It’s winter break … AHHHHHH!

If you’re like me and have kids in school, it’s probably just dawning on you that THEY’RE OFF FOR TWO WEEKS!!!

Sorry.

Yes, with the holidays comes winter break and a good two weeks of the kids underfoot and constantly asking, “What are we doing today?” And a good two weeks of you saying, “Uh … .” Which is what I found myself saying just a few minutes ago. Which is why I’m here now, hoping that between us we can come up with a few things to do over break to keep the kids busy. And not just to take up their time, because as we all know, planting them in front of the TV for the morning may keep them occupied, but it won’t do anything to wear them out and make them go to bed at a decent hour. We need active options here, folks.

I’m going to throw out five options to get things started, you send me your suggestions and we’’ll keep a rolling list over the next two weeks. Think about things we can do with the kids as well as things they can do on their own. OK, some quick thoughts.

  1. Take a wheeled-thing expedition. Every once in a while we gather up the kids and tell them to grab whichever wheeled contrivance they want for a trip around the neighborhood. Our options include skateboards (including my longboard), inline skates, a Waveboard, a Trikke and bicycles. Everybody wears a helmet, there’s frequently swapping along the way. We all keep an eye out for traffic, yelling “Car up!” when there’s a car coming toward us, “Car back!” when one approaches from the rear. It’s varied, it keeps the kids moving. If you’re neighborhood has more traffic than you’re comfortable with, pack the kids and wheeled things into the car and head to a local school, where there should be plenty of open pavement to roam.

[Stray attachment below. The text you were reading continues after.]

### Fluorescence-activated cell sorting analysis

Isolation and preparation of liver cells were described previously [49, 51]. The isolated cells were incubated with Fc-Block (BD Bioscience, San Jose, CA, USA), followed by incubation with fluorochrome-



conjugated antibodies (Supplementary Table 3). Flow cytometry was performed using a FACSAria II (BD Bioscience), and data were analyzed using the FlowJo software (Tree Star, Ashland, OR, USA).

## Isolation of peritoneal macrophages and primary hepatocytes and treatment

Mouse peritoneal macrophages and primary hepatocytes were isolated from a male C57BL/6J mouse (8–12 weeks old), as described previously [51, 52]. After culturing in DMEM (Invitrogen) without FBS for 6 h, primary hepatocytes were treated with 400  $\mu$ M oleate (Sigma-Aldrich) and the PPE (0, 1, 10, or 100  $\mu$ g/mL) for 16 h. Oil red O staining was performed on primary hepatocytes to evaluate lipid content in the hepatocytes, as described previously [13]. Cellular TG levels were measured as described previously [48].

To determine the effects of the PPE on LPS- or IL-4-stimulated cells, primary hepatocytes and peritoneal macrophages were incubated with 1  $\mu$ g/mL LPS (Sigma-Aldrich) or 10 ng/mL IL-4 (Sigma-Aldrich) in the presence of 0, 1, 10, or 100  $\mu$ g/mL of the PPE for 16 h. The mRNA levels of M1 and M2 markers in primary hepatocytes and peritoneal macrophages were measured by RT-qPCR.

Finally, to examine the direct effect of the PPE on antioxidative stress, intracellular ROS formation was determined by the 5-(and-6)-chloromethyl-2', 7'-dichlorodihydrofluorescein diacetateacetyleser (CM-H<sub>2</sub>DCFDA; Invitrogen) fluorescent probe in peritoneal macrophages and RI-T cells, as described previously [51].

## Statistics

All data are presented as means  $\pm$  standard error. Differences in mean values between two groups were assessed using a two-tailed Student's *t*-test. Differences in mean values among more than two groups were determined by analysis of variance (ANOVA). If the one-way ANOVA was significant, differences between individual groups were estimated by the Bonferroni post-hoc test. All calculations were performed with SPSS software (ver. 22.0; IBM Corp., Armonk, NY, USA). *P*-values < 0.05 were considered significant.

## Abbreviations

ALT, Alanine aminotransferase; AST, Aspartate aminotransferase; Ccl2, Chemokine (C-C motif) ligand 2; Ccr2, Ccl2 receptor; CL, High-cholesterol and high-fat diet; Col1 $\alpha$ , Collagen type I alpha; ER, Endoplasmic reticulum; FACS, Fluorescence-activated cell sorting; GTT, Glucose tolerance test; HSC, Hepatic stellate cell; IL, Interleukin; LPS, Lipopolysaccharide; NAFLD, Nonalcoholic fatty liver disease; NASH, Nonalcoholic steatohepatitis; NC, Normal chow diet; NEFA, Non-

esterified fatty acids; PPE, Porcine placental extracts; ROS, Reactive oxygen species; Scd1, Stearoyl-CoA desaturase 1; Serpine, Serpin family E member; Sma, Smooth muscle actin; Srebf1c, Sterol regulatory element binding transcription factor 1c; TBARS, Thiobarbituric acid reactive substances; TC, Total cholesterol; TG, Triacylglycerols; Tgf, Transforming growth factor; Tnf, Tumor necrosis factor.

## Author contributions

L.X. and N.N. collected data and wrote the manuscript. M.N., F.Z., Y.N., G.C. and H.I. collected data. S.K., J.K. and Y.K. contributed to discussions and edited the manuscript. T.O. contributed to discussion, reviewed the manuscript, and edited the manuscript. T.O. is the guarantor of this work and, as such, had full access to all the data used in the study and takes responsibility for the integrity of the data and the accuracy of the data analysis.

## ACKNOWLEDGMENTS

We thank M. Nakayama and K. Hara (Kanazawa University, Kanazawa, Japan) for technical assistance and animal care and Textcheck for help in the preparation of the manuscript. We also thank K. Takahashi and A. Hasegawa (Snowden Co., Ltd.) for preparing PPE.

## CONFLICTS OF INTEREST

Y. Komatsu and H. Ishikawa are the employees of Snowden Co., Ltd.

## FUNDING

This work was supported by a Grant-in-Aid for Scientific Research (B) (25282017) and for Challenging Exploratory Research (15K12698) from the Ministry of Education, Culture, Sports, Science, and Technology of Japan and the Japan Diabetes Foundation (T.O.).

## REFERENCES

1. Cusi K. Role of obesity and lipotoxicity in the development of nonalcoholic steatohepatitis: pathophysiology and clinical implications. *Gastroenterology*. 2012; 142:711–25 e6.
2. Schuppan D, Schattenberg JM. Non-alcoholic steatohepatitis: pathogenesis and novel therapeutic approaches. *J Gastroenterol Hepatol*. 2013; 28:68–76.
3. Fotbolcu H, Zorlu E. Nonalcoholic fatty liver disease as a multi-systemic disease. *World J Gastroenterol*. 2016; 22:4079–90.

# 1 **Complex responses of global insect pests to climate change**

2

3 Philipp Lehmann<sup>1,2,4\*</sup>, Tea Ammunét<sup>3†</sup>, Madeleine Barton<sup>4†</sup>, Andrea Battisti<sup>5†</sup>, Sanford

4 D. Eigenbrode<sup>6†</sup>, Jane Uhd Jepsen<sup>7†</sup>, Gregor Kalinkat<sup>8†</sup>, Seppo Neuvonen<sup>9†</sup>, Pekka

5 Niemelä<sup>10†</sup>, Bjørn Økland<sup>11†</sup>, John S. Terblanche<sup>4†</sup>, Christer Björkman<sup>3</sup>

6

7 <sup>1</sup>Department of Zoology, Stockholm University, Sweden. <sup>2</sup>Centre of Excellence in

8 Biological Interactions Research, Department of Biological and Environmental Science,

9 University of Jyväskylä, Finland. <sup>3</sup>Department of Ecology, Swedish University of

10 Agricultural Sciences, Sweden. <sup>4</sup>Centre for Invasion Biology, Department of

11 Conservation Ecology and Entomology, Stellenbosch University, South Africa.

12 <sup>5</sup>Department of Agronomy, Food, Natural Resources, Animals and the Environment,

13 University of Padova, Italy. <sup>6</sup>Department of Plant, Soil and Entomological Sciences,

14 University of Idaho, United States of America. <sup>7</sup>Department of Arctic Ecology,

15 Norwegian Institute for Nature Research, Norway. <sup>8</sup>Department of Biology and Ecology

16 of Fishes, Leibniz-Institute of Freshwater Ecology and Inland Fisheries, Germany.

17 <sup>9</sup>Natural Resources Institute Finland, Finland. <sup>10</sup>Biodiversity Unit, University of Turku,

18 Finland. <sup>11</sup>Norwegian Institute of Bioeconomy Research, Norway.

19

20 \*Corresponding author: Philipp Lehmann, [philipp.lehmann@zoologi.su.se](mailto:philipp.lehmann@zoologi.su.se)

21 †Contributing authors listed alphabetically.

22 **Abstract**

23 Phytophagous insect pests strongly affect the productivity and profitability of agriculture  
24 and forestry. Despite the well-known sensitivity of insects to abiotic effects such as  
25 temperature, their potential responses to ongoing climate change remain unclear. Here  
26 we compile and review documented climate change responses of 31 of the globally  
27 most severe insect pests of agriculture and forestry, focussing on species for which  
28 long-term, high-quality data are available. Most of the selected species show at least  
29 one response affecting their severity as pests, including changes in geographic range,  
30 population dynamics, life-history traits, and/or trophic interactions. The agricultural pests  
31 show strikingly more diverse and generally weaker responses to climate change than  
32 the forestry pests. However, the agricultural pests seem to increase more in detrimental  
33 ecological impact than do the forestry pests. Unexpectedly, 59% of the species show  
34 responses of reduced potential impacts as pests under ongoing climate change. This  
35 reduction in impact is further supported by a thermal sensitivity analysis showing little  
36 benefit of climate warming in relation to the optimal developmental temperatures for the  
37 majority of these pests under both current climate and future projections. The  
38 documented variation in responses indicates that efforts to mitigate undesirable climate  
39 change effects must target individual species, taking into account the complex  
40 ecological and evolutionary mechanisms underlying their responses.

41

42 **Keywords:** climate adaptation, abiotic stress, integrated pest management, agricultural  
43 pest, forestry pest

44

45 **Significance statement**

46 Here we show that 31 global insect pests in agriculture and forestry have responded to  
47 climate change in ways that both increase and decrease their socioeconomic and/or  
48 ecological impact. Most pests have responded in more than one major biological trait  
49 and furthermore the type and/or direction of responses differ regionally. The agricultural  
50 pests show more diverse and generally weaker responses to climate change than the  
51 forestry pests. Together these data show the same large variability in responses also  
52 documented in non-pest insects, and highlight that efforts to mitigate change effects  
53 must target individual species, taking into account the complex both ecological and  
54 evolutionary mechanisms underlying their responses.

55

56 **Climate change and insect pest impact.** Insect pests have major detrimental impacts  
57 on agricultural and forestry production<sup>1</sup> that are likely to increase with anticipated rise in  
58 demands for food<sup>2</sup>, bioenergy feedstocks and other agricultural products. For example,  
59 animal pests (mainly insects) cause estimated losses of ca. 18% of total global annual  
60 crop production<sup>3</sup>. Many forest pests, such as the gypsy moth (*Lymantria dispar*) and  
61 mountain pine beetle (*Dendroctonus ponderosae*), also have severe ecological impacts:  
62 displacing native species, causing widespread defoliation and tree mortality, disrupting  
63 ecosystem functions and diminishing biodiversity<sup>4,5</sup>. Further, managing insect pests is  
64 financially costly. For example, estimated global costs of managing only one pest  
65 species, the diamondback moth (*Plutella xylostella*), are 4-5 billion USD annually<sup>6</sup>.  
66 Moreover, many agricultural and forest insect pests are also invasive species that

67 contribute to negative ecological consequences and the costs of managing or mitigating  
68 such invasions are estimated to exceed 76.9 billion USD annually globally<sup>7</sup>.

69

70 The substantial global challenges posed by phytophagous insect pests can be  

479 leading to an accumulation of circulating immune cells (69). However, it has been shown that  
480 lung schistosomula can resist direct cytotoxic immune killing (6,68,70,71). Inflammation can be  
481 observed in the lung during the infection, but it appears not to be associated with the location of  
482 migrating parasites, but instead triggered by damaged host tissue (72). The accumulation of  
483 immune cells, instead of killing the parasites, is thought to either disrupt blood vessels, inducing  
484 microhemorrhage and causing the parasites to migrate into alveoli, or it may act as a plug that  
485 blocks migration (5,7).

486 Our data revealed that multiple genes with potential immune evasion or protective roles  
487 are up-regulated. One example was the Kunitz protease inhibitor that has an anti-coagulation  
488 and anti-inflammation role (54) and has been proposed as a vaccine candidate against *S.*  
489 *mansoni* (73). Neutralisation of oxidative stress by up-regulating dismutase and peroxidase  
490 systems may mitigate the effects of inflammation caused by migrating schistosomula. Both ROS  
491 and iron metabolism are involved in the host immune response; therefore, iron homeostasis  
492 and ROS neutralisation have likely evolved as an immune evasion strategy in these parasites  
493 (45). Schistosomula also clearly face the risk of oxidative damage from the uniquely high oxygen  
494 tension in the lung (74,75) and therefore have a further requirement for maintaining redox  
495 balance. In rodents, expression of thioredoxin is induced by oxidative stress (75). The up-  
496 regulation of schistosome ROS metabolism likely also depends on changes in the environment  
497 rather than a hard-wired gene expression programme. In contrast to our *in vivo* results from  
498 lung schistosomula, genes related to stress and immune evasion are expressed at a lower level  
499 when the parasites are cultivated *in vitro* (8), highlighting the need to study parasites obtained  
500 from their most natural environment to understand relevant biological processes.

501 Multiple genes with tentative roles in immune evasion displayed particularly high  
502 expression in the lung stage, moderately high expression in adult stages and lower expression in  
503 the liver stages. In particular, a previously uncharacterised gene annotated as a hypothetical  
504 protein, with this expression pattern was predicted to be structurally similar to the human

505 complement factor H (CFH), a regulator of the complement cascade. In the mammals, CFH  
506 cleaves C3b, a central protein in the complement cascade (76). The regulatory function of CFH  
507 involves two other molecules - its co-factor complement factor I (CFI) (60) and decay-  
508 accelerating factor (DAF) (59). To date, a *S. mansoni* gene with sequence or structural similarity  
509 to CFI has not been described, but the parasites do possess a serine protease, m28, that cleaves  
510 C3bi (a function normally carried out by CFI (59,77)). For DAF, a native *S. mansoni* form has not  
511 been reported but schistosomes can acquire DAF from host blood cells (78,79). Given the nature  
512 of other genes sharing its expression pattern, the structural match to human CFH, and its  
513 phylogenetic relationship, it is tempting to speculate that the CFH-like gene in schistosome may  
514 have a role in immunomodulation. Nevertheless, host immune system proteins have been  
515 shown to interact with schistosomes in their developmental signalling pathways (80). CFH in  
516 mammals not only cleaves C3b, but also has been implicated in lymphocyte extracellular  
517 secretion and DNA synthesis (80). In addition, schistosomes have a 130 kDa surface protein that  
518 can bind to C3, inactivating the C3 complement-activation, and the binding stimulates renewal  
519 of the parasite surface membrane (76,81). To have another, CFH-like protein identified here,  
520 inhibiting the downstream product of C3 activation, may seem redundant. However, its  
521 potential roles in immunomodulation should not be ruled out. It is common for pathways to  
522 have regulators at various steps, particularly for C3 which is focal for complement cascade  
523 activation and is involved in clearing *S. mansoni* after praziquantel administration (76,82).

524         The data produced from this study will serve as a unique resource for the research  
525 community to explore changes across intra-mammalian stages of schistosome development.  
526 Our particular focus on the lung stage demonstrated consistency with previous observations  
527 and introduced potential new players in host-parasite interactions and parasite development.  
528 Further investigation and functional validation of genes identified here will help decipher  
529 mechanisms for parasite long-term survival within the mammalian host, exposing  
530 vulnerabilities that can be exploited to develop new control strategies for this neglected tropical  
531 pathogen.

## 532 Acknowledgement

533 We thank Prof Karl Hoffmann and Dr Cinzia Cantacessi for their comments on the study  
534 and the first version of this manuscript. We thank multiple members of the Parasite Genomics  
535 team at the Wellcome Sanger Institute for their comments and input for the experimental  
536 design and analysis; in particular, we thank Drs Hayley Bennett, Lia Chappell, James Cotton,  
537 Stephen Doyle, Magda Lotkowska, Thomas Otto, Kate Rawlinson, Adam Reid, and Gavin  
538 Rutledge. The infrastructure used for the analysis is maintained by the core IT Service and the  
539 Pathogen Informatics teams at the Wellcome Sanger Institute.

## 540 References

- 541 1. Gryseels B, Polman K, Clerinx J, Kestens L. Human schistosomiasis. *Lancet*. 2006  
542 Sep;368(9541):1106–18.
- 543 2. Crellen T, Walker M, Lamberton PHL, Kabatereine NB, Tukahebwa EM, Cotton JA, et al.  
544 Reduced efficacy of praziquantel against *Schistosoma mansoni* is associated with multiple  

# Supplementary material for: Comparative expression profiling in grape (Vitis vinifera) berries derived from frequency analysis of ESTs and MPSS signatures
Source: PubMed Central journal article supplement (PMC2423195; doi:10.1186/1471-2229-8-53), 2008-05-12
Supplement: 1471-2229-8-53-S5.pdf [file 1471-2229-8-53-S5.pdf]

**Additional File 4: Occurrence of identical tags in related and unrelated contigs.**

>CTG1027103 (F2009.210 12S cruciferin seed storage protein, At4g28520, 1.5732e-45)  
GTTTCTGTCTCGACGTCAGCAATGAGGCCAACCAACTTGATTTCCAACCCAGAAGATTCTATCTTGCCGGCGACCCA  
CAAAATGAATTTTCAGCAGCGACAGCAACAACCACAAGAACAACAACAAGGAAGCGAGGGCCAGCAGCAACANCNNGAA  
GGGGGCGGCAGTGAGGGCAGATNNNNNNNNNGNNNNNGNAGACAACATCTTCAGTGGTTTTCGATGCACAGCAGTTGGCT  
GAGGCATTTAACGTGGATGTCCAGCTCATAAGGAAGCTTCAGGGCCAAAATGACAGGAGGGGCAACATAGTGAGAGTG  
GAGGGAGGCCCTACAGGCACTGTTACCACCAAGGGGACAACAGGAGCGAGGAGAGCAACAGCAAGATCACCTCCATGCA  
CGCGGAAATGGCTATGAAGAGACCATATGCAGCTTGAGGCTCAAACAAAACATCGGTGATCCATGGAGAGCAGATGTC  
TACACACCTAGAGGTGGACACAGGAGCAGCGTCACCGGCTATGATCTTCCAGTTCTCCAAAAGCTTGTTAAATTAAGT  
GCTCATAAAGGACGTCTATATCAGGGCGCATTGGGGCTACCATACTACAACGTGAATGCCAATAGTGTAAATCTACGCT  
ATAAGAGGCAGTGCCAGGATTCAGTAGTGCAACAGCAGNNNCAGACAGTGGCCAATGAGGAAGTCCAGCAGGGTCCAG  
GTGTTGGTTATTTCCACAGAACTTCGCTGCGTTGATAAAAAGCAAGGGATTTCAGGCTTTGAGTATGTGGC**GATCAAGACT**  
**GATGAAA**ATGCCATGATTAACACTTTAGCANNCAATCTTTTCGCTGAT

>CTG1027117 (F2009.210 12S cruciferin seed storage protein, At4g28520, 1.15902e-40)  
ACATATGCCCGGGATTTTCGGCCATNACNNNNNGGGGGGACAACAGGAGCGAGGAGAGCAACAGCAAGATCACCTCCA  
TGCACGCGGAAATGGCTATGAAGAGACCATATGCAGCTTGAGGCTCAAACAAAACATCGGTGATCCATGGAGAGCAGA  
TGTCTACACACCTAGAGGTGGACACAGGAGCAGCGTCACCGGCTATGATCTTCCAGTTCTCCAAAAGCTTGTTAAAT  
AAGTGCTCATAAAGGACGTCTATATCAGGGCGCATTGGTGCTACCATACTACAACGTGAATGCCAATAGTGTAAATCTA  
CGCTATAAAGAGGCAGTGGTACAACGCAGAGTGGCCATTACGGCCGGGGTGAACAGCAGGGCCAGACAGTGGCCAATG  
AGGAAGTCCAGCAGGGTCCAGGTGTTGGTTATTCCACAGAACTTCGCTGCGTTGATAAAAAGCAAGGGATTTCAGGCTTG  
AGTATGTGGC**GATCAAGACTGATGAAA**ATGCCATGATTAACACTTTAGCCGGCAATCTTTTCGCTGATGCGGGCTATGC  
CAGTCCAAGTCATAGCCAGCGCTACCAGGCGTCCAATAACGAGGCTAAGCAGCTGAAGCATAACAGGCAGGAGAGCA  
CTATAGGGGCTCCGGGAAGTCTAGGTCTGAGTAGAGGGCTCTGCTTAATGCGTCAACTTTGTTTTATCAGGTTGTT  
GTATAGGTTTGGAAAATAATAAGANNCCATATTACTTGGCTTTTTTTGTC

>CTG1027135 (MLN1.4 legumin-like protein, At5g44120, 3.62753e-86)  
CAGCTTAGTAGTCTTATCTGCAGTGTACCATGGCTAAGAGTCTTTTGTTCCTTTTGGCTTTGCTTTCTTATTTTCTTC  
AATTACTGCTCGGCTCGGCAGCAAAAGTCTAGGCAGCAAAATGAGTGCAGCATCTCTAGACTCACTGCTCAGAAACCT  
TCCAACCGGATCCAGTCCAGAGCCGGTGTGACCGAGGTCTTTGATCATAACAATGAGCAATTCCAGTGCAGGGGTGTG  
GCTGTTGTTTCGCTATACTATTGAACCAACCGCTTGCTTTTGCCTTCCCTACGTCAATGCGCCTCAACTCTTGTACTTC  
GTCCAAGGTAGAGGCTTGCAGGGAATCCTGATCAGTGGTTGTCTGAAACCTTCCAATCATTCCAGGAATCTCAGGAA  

2. Cul-de-sac Olympics. If you live on a cul-de-sac, you have a multi-sport arena right out your front door. You have a Velodrome (see how many laps the kids can turn in a half hour); you have a baseball stadium (Whiffleball, actually, with due respect to the neighbors’ windows); you have a kickball arena (again, because of those windows and other breakables, use a lightweight ball).